Photographer Helmut Newton captured the essence of femininity from the 1950s to the 2000s. The rule breaker would have been 100 this past Saturday, on the 31st of October. It is our responsibility to pay tribute to a lifetime’s work devoted to eroticism. Helmut was born in Berlin’s Schoenberg to a Jewish father and an American mother. He was interested in photography from an early age, but Germany in 1938 to move to a safer temporary land: Australia. It is in this exile that Helmut will meet his wife June and reconnect himself with his artistic practice.
His hyper-sexualized style opened the doors of Playboy for him, before turning to provocative fashion photography. He would become the pioneer of a new genre, a barely veiled fetishism, and voyeuristic approach of powerful female bodies bowing to no man, that he photographed from every angle for the most cutting-edge magazines of the time, from Vogue to Vanity Fair. Newton’s masterful shots and fantasies give life to and served as early inspirations for the creations of Yves-Saint Laurent, Gianni Versace, and Thierry Mugler.
Living in Paris then in Monte-Carlos, the Newton couple were at the heart of artistic life, intimately photographing such greats like Grace Johns and David Bowie, to the writer Francoise Sagan and the iconic Elizabeth Taylor, as well as making a number of supermodels household names, such as Iman and Jerry Hall.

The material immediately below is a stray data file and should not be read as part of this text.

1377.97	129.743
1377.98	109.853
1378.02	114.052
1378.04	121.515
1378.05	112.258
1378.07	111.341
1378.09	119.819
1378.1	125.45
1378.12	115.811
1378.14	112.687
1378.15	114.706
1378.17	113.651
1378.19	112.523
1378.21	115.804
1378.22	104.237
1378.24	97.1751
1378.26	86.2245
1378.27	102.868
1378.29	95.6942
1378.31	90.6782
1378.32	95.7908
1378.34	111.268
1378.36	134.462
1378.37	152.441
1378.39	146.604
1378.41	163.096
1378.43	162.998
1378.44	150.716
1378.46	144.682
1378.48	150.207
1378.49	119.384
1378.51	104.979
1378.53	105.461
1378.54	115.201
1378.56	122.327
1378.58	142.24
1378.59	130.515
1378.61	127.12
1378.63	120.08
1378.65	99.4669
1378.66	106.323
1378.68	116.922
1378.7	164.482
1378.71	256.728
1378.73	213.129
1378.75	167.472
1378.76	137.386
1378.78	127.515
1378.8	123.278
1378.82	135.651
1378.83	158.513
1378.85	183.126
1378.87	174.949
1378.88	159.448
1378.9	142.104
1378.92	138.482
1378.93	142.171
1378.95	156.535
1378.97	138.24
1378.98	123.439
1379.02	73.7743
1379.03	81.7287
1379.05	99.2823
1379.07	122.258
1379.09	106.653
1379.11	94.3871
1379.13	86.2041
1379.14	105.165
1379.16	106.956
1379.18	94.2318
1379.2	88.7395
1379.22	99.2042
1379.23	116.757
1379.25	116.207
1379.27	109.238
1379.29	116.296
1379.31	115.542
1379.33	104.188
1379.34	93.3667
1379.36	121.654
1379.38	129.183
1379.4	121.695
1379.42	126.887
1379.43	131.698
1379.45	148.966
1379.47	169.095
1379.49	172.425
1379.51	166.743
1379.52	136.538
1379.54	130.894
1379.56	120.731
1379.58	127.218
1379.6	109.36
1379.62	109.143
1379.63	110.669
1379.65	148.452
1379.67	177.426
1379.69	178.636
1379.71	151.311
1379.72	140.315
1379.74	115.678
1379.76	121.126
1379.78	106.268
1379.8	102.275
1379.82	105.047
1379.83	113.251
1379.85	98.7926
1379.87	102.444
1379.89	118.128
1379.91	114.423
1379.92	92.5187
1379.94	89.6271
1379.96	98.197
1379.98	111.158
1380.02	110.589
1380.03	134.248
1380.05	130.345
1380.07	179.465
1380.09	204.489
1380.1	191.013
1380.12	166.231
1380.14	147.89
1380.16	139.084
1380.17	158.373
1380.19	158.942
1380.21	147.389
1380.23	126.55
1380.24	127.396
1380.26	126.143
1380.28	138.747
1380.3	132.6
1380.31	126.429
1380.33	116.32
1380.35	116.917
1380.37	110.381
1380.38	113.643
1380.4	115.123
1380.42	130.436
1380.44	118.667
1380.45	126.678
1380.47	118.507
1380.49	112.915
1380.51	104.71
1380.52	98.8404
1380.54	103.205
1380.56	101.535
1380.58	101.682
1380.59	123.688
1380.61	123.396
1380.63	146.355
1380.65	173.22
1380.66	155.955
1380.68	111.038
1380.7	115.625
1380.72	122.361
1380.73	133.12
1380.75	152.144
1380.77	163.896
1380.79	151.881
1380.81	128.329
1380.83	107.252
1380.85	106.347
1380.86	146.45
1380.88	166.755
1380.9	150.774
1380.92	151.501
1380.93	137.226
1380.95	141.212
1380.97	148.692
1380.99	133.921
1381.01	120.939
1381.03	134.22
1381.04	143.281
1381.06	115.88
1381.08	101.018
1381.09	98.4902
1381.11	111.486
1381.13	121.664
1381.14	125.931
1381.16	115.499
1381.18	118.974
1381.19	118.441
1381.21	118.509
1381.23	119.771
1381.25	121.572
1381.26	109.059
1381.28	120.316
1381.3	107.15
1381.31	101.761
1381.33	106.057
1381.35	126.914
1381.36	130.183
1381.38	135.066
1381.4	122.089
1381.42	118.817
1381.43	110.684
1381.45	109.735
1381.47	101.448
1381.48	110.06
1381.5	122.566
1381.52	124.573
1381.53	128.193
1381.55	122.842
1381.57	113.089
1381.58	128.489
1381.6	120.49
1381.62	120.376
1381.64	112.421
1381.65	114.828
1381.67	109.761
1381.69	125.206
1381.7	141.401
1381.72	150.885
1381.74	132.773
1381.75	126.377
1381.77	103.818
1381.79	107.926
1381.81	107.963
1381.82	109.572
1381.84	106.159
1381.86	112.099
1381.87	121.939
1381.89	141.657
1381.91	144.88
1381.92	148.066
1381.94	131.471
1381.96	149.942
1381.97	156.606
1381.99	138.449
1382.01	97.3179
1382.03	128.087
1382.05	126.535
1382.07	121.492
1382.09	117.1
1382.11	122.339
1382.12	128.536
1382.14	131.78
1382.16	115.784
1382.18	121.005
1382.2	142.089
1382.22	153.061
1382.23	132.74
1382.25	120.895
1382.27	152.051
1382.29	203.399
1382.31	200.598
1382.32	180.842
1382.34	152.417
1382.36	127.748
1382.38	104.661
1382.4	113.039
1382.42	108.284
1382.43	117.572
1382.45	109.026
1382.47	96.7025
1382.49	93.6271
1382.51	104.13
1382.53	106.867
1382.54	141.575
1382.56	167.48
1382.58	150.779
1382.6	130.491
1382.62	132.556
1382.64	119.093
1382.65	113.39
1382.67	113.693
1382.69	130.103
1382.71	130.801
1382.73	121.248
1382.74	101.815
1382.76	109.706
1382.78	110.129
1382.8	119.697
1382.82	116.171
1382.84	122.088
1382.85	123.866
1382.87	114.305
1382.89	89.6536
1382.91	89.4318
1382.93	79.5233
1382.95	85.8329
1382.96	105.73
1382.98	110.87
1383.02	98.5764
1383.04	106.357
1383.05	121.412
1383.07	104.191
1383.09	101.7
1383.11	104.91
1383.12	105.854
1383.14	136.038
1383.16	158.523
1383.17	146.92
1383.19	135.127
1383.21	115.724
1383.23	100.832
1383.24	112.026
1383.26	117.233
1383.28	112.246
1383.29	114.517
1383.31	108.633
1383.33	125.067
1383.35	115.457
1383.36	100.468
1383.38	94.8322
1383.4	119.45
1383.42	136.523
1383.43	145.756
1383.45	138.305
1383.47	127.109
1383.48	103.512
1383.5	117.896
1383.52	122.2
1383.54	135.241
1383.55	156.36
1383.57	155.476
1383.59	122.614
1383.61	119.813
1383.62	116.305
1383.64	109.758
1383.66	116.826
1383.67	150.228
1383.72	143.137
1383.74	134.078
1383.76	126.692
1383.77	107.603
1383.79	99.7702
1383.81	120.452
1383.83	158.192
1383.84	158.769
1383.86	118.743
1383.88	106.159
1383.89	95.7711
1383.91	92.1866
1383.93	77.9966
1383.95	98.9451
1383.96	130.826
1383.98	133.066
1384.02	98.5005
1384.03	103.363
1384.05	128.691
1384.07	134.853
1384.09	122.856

His unique and controversial universe will become a strong identity of the 70s-80s fashion scenes. He remains a source of inspiration for many artists. Helmut Newton died on January 23, 2004, in Los Angeles and was buried back in Berlin Schoenberg, where his life began, near what is now his eponymous foundation.
The Helmut Newton Foundation is honoring his legacy by throwing a special celebration, showcasing largescale images outside of the legendary brutalist landmark Kraftwerk in Kreuzberg.
To one of our readers, we offer the chance to win one of his collectible books, entitled WORK. Post your favorite Helmut Newton photo on your Instagram, tag us at @numeroberlin as well as @helmutnewtonfoundation. We look forward to seeing your favorites!
Images Courtesy of the Helmut Newton Foundation
Image 1: Helmut Newton, Human and Dummy III, Paris 1976
Image 2: Helmut Newton, Jerry Hall, American Vogue, Paris 1974
Image 3: Helmut Newton, Reichstag, Berlin 1987
Image 4: Helmut Newton, Amica, Milan 1982
Image 5: Helmut Newton, Monica Bellucci, Monte Carlo 2001
Image 6: Helmut Newton, Mario Valentino, Monte Carlo 1998
Images 7 and 8: HELMUT NEWTON ONE HUNDRED installation on Köpenicker Straße 70, Berlin-Mitte, Photo by Max von Gumppenberg